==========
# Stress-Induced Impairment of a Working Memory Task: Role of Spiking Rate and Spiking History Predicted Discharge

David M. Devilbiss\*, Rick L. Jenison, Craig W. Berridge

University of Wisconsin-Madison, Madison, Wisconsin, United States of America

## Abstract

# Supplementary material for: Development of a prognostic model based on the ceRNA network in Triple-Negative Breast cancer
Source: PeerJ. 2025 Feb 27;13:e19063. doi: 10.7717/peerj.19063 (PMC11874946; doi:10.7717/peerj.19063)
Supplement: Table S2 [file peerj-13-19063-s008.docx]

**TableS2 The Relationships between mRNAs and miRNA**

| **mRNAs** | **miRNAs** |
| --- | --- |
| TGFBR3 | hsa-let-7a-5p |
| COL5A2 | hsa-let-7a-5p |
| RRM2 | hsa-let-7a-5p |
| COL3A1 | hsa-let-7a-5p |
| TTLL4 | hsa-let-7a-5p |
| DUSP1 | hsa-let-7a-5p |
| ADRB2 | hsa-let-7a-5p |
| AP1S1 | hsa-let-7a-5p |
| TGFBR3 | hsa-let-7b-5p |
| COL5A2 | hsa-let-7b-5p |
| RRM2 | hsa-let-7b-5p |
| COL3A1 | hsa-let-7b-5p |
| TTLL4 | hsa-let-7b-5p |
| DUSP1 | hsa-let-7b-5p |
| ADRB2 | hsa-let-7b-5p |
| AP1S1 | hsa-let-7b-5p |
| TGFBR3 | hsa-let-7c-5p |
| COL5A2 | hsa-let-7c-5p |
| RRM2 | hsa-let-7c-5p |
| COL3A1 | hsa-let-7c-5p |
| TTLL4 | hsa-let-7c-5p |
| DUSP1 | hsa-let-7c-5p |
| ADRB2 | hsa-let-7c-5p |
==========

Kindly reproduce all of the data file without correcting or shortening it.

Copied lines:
# Stress-Induced Impairment of a Working Memory Task: Role of Spiking Rate and Spiking History Predicted Discharge

David M. Devilbiss\*, Rick L. Jenison, Craig W. Berridge

University of Wisconsin-Madison, Madison, Wisconsin, United States of America

## Abstract

# Supplementary material for: Development of a prognostic model based on the ceRNA network in Triple-Negative Breast cancer
Source: PeerJ. 2025 Feb 27;13:e19063. doi: 10.7717/peerj.19063 (PMC11874946; doi:10.7717/peerj.19063)
Supplement: Table S2 [file peerj-13-19063-s008.docx]

**TableS2 The Relationships between mRNAs and miRNA**

| **mRNAs** | **miRNAs** |
| --- | --- |
| TGFBR3 | hsa-let-7a-5p |
| COL5A2 | hsa-let-7a-5p |
| RRM2 | hsa-let-7a-5p |
| COL3A1 | hsa-let-7a-5p |
| TTLL4 | hsa-let-7a-5p |
| DUSP1 | hsa-let-7a-5p |
| ADRB2 | hsa-let-7a-5p |
| AP1S1 | hsa-let-7a-5p |
| TGFBR3 | hsa-let-7b-5p |
| COL5A2 | hsa-let-7b-5p |
| RRM2 | hsa-let-7b-5p |
| COL3A1 | hsa-let-7b-5p |
| TTLL4 | hsa-let-7b-5p |
| DUSP1 | hsa-let-7b-5p |
| ADRB2 | hsa-let-7b-5p |
| AP1S1 | hsa-let-7b-5p |
| TGFBR3 | hsa-let-7c-5p |
| COL5A2 | hsa-let-7c-5p |
| RRM2 | hsa-let-7c-5p |
| COL3A1 | hsa-let-7c-5p |
| TTLL4 | hsa-let-7c-5p |
| DUSP1 | hsa-let-7c-5p |
| ADRB2 | hsa-let-7c-5p |